MINT: A Conservative Way to Stash Cash

January 28, 2010 by  
Filed under Actively Managed ETFs, Commentary, Pick of the Week

Investors are often conditioned to believe that cash is king, or that it is at least a good idea to keep some of your assets in cash to preserve your portfolio’s liquidity. After all, emergencies and unforeseen expenses happen. While this all makes sense, most cash investments offer meager rates of return. To get a decent yield on a traditional bank certificate of deposit (CD), you have to lock-up your money for four or five years. Then inflation becomes a concern.

U.S. Treasuries have historically been a safe and popular alternative for cash holdings. However, yields on these investments have plunged as the Federal Reserve injects vast amounts of liquidity into the economy. Short-term money market accounts are not much better. You should consider yourself lucky if you are getting 1%.

Nonetheless, smart investors always keep some cash on hand. This week’s pick is an ETF issued by bond giant PIMCO for this very purpose. PIMCO is one of the world’s largest bond mutual fund managers. The firm recently entered the ETF game, and one of its offerings may appeal to cash investors: PIMCO Enhanced Short Maturity Strategy Fund (MINT). MINT is barely three months old but has already amassed more than $59 million in assets and trades more than 200,000 shares on an average day. These are impressive figures for any new ETF, much less one that is not very exciting. MINT is an actively traded ETF, which so far haven’t attracted much investor interest. PIMCO seems to have overcome that obstacle with this ETF.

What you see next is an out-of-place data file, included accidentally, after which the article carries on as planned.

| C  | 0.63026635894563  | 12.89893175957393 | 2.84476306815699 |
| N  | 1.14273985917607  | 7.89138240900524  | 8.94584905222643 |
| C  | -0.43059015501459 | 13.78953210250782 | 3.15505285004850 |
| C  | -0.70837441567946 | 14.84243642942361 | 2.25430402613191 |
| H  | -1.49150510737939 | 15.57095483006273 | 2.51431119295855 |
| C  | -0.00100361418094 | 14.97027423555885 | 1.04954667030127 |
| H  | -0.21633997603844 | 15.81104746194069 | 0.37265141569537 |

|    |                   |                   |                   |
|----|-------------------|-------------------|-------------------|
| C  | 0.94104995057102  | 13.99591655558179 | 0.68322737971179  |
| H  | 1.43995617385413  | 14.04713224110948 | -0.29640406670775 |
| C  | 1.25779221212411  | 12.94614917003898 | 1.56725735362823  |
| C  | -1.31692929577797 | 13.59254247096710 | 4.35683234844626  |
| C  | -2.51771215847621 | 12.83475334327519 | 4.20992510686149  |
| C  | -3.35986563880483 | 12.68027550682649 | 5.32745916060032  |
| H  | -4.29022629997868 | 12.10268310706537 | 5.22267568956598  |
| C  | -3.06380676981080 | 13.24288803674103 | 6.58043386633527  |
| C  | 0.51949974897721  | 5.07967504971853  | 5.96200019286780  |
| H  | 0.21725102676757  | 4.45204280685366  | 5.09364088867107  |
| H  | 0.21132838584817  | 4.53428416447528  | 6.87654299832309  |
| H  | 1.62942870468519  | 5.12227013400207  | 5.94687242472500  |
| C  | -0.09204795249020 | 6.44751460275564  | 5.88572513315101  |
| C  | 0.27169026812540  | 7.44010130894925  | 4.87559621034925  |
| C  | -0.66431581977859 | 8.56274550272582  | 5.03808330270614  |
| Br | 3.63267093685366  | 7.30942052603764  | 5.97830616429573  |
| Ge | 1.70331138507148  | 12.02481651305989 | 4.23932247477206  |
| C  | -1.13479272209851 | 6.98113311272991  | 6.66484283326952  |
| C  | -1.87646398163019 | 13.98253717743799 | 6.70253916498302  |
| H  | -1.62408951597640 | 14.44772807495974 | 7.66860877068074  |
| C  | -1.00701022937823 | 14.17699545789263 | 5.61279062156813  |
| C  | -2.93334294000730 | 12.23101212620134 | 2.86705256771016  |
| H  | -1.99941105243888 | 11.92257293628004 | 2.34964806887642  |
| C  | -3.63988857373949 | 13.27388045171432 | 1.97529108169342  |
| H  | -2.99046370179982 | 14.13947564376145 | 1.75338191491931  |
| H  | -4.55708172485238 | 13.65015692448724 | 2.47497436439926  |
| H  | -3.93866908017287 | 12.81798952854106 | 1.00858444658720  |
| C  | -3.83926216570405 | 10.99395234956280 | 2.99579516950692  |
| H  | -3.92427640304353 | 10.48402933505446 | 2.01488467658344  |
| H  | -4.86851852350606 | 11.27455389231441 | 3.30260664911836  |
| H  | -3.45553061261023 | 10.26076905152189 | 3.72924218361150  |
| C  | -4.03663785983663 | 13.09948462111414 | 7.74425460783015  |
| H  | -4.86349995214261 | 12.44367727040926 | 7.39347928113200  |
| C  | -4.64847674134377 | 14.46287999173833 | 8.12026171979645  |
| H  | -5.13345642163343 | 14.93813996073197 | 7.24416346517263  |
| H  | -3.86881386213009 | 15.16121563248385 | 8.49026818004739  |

MINT is a possible alternative to money market funds for many investors. The ETF holds only investment-grade short-term fixed income instruments – no riskier fare like emerging markets bonds or high-yielding corporate bonds. MINT has about 400 different holdings, fully disclosed to investors every day. MINT does not use options, futures, or swaps to help generate returns, another aspect that may appeal to more conservative investors. All of MINT’s holdings are denominated in U.S. dollars. Investors should keep in mind the 0.35% expense ratio.

MINT is certainly not as glamorous as many ETFs. Nearly half of its assets reside in investment-grade credit securities and another 36% is in government debt. The remainder is allocated to mortgage securities. Given the short maturity of its holdings, MINT should effectively reduce volatility for investors seeking to enhance the return on their cash while keeping risk minimized. MINT is currently trading just over its issue price of $100 at $100.27 – exactly where it should be. To go with a stable cash equivalent not tied to long-term CDs, buy PIMCO’s MINT.

MINT Chart

Disclosure covering writer, editor, publisher, and affiliates: No positions in any of the securities mentioned. No positions in any of the companies or ETF sponsors mentioned. No income, revenue, or other compensation (either directly or indirectly) received from, or on behalf of, any of the companies or ETF sponsors mentioned.

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